By Aminulla Rahbar
Jalalabad – Four years ago, 525 families were looking forward to receiving solar panels through a government aid program. But evidence obtained by Institute of War & Peace Reporting suggest that more than 75 percent of that aid went into private pockets.
In the first six months of 2007, a program initiated and implemented by the National Solidarity Program (NSP) of the Ministry of Rural Rehabilitation and Development distributed solar panels to 525 families living in the two villages of Mastali and Zakhil, located in Kama district of Nangarhar province.
According to the project proposal, the cost of the solar panels would be 4,400,000 afghanis (about $93,600). Government officials who signed documents for the project included:
The project was developed from two proposals drawn up by Mastali and Zakhil village officials and sent to National Solidarity Program officials. The National Solidarity Program works with 2,100 local councils representing 32,000 villages, and has channeled hundreds of millions of dollars for various welfare and construction projects at the village and district level through these councils.
The Mastali council chose to apply for the solar panel project over several other projects offered by the Ministry of Rural Rehabilitation and Development. These included: dam construction, digging irrigation canals or deep-water wells, building a religious school, offering sewing courses, improving financial transaction system for villagers and midwife training for women.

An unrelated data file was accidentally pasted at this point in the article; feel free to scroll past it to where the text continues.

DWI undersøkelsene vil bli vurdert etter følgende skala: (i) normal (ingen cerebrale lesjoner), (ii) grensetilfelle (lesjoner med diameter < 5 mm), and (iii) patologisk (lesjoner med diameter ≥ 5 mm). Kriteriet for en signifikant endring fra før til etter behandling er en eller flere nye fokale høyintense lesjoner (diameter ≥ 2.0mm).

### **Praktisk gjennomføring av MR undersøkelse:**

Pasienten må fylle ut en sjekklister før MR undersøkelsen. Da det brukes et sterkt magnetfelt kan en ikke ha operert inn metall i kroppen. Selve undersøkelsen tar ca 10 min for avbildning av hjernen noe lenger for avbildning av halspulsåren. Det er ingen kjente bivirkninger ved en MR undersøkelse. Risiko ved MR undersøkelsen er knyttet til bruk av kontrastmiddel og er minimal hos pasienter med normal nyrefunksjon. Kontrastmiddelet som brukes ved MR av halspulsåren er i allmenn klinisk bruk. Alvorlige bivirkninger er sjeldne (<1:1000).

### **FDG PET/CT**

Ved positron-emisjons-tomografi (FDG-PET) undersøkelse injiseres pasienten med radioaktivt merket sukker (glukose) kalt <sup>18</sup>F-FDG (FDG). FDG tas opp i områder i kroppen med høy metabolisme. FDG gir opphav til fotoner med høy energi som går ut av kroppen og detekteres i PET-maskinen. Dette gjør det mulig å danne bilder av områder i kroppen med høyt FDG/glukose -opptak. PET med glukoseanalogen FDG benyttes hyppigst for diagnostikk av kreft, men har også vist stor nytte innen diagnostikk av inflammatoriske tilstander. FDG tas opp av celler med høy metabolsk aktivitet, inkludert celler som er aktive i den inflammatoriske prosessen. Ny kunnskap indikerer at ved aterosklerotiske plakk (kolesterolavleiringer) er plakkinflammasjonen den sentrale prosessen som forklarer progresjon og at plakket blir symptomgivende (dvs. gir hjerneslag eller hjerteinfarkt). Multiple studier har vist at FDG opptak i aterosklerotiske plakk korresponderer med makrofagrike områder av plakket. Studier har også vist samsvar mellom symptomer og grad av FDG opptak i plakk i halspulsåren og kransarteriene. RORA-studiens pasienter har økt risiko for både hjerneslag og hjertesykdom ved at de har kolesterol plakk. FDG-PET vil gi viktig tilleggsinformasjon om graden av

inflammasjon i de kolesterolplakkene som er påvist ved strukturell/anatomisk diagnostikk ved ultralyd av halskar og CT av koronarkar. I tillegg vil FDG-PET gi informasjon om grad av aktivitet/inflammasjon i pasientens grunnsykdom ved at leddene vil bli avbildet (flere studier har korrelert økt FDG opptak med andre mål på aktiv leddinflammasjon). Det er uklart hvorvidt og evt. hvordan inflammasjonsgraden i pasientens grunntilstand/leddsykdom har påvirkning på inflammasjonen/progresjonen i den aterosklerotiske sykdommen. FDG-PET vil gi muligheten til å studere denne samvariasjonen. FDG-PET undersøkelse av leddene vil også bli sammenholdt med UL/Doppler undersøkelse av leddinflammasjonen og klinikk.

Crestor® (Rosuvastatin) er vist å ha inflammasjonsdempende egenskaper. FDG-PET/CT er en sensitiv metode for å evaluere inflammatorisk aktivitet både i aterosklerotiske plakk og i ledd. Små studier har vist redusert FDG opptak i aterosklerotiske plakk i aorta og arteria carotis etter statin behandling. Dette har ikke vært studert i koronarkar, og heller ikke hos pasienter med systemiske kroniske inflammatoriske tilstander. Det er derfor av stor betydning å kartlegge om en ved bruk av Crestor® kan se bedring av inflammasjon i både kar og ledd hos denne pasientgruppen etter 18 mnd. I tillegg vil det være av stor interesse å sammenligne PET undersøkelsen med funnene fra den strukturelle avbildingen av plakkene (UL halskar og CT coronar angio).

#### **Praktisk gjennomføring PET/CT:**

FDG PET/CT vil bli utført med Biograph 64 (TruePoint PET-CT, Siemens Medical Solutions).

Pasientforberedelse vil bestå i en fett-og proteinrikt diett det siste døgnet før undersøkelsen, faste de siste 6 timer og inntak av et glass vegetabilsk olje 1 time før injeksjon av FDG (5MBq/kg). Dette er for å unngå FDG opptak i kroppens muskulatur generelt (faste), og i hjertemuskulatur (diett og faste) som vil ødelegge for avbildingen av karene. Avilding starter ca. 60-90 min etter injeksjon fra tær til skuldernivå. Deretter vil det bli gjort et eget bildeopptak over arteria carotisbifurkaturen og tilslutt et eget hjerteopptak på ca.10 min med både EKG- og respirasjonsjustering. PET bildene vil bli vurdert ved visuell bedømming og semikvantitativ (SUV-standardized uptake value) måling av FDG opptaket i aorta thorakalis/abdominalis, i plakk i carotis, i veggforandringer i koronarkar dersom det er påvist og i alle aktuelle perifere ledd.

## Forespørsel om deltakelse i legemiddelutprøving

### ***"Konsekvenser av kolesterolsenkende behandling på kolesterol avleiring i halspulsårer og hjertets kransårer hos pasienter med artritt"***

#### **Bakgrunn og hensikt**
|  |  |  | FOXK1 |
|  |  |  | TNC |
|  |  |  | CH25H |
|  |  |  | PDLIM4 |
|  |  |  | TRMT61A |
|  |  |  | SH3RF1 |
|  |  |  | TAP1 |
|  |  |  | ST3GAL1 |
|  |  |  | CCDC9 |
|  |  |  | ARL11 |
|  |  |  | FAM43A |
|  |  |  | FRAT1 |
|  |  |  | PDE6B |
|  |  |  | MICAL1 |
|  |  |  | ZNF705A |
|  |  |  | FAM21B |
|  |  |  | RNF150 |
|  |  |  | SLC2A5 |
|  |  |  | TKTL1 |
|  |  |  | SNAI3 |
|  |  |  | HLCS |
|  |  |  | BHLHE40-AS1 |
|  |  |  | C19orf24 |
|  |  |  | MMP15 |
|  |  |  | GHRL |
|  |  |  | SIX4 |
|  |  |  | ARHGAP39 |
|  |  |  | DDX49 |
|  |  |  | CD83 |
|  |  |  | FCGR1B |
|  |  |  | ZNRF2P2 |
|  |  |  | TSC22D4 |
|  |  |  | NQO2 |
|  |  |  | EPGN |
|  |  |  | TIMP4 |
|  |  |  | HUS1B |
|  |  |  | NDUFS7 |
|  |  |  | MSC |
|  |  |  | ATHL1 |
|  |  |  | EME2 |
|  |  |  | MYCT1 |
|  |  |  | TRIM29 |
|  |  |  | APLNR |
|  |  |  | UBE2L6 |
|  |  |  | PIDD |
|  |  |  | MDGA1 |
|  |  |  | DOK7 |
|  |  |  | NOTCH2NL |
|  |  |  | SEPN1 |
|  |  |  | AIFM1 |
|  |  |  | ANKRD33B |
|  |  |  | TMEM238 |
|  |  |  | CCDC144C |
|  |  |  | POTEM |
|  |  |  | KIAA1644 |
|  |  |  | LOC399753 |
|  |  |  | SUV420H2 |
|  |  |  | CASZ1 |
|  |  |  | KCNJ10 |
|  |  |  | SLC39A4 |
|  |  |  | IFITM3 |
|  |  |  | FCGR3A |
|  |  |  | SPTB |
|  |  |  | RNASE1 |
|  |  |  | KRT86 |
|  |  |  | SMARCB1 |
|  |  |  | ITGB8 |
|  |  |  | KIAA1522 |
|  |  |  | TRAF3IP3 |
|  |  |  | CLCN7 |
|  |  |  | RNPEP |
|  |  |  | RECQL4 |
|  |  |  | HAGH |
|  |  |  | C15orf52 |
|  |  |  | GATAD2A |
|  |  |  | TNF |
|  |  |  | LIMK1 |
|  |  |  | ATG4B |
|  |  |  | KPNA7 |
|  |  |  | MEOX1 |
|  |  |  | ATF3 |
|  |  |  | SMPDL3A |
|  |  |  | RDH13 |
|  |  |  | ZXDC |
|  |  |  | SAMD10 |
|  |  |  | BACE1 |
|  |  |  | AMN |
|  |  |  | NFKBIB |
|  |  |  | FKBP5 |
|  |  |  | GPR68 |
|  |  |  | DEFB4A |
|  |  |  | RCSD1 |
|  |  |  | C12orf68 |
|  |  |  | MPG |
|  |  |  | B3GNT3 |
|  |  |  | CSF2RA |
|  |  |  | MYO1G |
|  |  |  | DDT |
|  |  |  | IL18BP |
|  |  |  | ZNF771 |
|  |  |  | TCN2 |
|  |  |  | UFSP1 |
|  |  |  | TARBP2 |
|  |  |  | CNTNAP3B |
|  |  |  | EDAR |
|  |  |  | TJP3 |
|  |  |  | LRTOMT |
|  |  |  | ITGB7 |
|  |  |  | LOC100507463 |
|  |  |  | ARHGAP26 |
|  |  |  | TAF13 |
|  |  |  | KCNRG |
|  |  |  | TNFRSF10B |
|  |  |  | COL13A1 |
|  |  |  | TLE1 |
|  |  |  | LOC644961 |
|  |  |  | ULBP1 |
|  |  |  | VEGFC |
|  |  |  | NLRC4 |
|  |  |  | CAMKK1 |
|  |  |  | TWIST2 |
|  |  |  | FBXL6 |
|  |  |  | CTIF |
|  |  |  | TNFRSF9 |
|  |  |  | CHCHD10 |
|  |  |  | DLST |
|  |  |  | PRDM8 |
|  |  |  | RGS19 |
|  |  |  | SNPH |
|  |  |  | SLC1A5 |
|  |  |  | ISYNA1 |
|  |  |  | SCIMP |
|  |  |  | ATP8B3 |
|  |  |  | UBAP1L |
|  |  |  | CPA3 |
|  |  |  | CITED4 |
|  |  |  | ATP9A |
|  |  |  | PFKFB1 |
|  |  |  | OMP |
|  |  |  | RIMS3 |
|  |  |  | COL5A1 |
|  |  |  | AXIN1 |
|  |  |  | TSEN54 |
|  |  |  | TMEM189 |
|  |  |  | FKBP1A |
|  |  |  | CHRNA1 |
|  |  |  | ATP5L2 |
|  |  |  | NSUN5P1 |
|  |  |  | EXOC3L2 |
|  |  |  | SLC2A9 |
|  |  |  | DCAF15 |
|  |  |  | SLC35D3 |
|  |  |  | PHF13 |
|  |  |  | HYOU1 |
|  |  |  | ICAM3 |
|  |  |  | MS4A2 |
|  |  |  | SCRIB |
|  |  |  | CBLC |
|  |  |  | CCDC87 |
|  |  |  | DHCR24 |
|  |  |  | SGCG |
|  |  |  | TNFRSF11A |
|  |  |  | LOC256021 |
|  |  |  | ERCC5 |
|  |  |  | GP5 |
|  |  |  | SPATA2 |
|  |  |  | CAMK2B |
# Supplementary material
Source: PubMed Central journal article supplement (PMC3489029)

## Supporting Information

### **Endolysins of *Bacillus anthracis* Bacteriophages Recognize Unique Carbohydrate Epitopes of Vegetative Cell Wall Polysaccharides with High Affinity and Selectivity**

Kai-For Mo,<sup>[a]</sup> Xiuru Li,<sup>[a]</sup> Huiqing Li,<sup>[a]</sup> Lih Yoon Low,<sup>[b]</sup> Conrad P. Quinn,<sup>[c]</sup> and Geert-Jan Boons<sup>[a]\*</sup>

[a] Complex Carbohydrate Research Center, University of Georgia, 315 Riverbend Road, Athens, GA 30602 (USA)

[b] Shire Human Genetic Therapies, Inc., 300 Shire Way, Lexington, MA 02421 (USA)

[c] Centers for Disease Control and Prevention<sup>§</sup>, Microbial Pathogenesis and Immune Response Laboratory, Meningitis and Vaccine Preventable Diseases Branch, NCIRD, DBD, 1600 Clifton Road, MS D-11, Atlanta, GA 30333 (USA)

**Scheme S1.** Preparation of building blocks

The 525 families listed in the program are mostly unaware of where the money went. According to the contract signed in January 2007 between the National Solidarity Program and local councils in Mastali and Zakhil, each family was to receive a complete solar panel set, which in addition to the panel includes a battery, two bulbs and a voltage regulator.
The contents of the proposals and complaints of villagers suggest two types of corruption.
First, the local council leaderships in both Mastali and Zakhil villages collected 800 afghanis (about$16.55) as an advance from each family even though the solar panels were to be handed out for free. Mastali council members collected 228,000 afghanis from 285 families and Zakhil council members collected 192,000 afghanis from 240 families, for a total of 420,000 afghanis.
Council members didn’t give any receipt to the families. Villagers say council members told them that if they didn’t pay 800 afghanis, they wouldn’t receive the panels.
When an IWPR reporter asked Mastali village council head Zarab-gul why he had collected 800 afghanis from each household, he denied any personal participation in the matter. But he didn’t deny money had been collected from villagers.
Second, the proposals had estimated the cost of each panel at $200, but the reporter’s examination and study of photos of installed solar panels in the two villages revealed that the distributed panels were different from the ones required in the proposals. A check of price quotations for solar panels in 2007 showed the actual cost of the installed panels, which had lower energy capacity than was listed in the proposals, was far less than $200.
Four types of solar panels were distributed. A list of 248 panels compiled by the reporter broke down as follows:
Based on these figures, the total price actually paid for 525 panels might be as low as $12,400. The budgeted amount for purchasing panels at $200 each would be $105,000.